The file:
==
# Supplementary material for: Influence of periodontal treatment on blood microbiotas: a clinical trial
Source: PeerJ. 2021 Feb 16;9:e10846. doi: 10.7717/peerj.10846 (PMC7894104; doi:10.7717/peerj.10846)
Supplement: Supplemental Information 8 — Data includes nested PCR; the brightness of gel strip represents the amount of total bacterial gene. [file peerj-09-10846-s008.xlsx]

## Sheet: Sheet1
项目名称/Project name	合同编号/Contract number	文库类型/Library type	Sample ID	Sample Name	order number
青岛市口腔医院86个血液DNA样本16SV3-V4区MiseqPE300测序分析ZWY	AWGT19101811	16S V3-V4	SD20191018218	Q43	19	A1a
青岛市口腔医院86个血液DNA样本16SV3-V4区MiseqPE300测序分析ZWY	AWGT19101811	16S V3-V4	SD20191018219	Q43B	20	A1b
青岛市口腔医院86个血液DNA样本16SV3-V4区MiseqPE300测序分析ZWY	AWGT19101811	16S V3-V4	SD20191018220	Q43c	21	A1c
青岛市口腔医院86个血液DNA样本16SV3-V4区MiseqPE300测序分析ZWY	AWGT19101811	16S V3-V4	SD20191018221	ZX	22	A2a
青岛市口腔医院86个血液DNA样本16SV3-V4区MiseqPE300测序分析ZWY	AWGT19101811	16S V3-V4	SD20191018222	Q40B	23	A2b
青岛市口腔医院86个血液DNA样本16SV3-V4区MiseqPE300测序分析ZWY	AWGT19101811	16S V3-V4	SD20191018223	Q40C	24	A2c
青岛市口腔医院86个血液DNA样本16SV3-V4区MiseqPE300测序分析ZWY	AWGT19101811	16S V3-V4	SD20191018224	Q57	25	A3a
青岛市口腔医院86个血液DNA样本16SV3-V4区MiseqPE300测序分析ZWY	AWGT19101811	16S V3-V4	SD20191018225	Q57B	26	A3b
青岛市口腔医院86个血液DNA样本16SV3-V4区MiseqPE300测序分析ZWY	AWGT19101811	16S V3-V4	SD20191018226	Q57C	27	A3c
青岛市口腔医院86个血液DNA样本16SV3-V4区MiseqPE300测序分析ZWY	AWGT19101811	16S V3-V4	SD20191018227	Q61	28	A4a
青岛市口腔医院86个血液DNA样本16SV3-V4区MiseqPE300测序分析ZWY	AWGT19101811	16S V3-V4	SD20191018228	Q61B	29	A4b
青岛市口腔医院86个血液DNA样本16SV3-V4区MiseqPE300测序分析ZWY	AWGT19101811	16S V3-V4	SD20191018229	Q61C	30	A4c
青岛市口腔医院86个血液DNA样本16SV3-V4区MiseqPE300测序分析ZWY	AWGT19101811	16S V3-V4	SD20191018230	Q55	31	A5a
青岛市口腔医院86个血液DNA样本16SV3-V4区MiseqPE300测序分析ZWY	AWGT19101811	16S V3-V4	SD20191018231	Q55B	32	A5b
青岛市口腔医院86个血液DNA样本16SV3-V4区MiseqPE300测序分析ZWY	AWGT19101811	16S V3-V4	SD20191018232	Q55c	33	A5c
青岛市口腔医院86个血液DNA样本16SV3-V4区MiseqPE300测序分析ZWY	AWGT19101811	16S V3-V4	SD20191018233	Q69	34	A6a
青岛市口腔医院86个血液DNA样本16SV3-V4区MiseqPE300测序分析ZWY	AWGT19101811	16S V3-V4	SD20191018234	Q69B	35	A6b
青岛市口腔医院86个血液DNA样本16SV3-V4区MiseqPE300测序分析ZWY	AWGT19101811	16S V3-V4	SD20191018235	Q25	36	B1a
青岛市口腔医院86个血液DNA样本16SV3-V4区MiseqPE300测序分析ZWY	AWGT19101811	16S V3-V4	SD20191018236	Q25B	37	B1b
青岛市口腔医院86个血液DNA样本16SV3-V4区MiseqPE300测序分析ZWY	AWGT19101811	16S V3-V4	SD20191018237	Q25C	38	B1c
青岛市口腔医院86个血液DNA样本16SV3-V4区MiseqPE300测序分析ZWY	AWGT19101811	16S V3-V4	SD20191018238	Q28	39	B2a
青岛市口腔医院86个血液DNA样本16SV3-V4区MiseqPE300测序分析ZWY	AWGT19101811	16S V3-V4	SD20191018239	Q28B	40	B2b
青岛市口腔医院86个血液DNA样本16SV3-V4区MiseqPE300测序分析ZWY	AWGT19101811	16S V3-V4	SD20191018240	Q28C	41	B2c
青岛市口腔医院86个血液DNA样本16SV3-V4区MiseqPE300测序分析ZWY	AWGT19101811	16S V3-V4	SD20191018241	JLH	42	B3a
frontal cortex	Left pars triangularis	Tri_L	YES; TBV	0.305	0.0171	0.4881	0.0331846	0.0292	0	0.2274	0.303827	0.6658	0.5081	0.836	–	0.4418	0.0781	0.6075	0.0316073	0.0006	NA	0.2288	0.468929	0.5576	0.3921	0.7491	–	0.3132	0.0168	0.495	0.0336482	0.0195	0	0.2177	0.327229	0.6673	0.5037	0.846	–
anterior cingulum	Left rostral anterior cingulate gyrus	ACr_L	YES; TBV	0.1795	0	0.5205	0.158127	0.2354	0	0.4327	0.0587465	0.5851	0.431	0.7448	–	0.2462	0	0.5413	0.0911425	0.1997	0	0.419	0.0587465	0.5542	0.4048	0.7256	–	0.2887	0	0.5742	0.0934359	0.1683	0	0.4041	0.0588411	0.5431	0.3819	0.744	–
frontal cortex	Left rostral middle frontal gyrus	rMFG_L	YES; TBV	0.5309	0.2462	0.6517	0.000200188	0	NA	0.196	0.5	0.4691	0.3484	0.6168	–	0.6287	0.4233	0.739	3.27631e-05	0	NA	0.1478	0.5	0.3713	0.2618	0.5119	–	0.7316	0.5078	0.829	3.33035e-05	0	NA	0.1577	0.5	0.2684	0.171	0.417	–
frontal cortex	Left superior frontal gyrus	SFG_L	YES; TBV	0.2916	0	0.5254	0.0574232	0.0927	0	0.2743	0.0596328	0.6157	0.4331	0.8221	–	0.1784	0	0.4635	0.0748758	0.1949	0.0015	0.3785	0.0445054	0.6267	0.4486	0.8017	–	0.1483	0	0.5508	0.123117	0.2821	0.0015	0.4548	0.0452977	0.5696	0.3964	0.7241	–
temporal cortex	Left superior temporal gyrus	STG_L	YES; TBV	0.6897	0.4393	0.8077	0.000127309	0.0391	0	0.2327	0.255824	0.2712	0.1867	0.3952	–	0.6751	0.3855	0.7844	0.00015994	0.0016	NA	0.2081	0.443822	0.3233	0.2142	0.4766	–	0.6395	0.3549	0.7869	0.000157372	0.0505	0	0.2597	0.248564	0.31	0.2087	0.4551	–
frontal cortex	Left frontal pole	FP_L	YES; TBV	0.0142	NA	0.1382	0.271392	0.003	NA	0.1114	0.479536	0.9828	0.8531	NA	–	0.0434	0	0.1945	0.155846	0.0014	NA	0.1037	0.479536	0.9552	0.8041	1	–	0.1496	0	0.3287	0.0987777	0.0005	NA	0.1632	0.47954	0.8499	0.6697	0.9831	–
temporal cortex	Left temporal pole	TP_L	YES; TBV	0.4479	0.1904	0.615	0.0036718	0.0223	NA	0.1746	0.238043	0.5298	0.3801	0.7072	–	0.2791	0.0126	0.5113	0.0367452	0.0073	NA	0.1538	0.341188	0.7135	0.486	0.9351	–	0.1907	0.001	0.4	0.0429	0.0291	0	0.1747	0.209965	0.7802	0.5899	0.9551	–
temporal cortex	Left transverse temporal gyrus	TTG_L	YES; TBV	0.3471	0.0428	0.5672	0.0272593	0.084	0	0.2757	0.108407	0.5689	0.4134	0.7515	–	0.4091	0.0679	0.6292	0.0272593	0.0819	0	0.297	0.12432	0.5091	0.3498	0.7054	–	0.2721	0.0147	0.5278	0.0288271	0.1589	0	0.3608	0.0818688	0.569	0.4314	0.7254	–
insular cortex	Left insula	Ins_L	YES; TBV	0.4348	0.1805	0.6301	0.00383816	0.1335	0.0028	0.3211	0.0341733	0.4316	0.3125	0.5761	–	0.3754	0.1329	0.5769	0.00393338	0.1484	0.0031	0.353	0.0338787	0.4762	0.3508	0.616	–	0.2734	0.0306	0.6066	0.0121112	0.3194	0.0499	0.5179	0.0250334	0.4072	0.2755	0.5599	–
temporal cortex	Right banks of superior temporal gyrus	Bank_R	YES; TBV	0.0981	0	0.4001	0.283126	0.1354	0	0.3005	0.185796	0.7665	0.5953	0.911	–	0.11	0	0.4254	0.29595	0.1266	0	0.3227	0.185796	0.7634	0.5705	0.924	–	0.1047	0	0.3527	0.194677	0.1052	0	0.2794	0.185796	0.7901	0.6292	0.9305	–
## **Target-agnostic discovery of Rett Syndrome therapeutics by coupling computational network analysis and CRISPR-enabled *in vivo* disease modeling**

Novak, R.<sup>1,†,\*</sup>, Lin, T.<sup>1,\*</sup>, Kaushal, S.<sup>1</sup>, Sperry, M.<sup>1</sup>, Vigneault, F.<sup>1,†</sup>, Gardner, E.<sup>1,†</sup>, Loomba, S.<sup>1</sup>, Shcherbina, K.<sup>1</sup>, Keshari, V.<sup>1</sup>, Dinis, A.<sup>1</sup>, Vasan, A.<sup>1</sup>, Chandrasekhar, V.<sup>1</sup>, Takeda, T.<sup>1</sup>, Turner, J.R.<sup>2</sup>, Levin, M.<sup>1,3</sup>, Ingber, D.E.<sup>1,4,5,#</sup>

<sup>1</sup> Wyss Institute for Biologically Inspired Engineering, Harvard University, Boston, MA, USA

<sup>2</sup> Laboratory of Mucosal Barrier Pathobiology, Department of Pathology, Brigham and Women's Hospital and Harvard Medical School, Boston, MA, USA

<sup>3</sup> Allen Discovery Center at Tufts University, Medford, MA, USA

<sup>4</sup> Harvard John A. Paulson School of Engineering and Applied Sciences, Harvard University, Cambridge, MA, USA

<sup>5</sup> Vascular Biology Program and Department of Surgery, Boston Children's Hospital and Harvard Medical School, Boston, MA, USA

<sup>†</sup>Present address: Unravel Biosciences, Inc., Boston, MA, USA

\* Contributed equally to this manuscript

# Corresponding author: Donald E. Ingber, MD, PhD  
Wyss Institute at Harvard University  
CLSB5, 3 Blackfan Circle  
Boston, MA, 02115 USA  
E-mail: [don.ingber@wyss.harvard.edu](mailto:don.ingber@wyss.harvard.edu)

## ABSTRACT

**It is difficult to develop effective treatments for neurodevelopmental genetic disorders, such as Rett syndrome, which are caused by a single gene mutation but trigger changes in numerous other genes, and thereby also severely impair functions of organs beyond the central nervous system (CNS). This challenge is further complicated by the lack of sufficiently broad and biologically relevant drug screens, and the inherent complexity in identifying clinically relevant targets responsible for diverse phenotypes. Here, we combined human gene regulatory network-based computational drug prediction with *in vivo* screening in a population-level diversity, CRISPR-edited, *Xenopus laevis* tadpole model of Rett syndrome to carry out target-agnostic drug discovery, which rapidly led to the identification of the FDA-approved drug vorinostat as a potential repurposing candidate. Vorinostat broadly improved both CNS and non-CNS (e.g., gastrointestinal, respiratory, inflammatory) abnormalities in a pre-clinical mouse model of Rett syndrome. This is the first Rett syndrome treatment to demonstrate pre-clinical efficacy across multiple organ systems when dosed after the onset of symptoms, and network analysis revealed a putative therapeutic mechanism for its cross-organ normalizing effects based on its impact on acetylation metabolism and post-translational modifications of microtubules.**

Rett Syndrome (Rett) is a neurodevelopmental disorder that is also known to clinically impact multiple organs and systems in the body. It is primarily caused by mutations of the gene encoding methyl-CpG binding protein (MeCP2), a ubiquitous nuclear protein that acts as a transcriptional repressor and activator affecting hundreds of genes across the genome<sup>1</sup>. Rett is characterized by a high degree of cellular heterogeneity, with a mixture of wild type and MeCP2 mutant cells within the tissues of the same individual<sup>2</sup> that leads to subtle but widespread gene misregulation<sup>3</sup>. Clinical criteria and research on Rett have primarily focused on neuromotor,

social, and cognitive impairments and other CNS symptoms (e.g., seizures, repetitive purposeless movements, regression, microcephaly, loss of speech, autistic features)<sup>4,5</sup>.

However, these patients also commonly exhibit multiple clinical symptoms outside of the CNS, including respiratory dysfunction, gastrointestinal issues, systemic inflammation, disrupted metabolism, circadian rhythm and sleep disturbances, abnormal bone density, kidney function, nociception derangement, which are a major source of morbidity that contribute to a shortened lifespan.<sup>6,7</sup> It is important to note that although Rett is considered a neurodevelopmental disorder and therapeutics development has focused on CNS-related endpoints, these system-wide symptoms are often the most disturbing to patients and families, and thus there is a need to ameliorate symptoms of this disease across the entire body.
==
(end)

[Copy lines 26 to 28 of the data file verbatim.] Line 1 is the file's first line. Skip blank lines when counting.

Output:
青岛市口腔医院86个血液DNA样本16SV3-V4区MiseqPE300测序分析ZWY	AWGT19101811	16S V3-V4	SD20191018238	Q28	39	B2a
青岛市口腔医院86个血液DNA样本16SV3-V4区MiseqPE300测序分析ZWY	AWGT19101811	16S V3-V4	SD20191018239	Q28B	40	B2b
青岛市口腔医院86个血液DNA样本16SV3-V4区MiseqPE300测序分析ZWY	AWGT19101811	16S V3-V4	SD20191018240	Q28C	41	B2c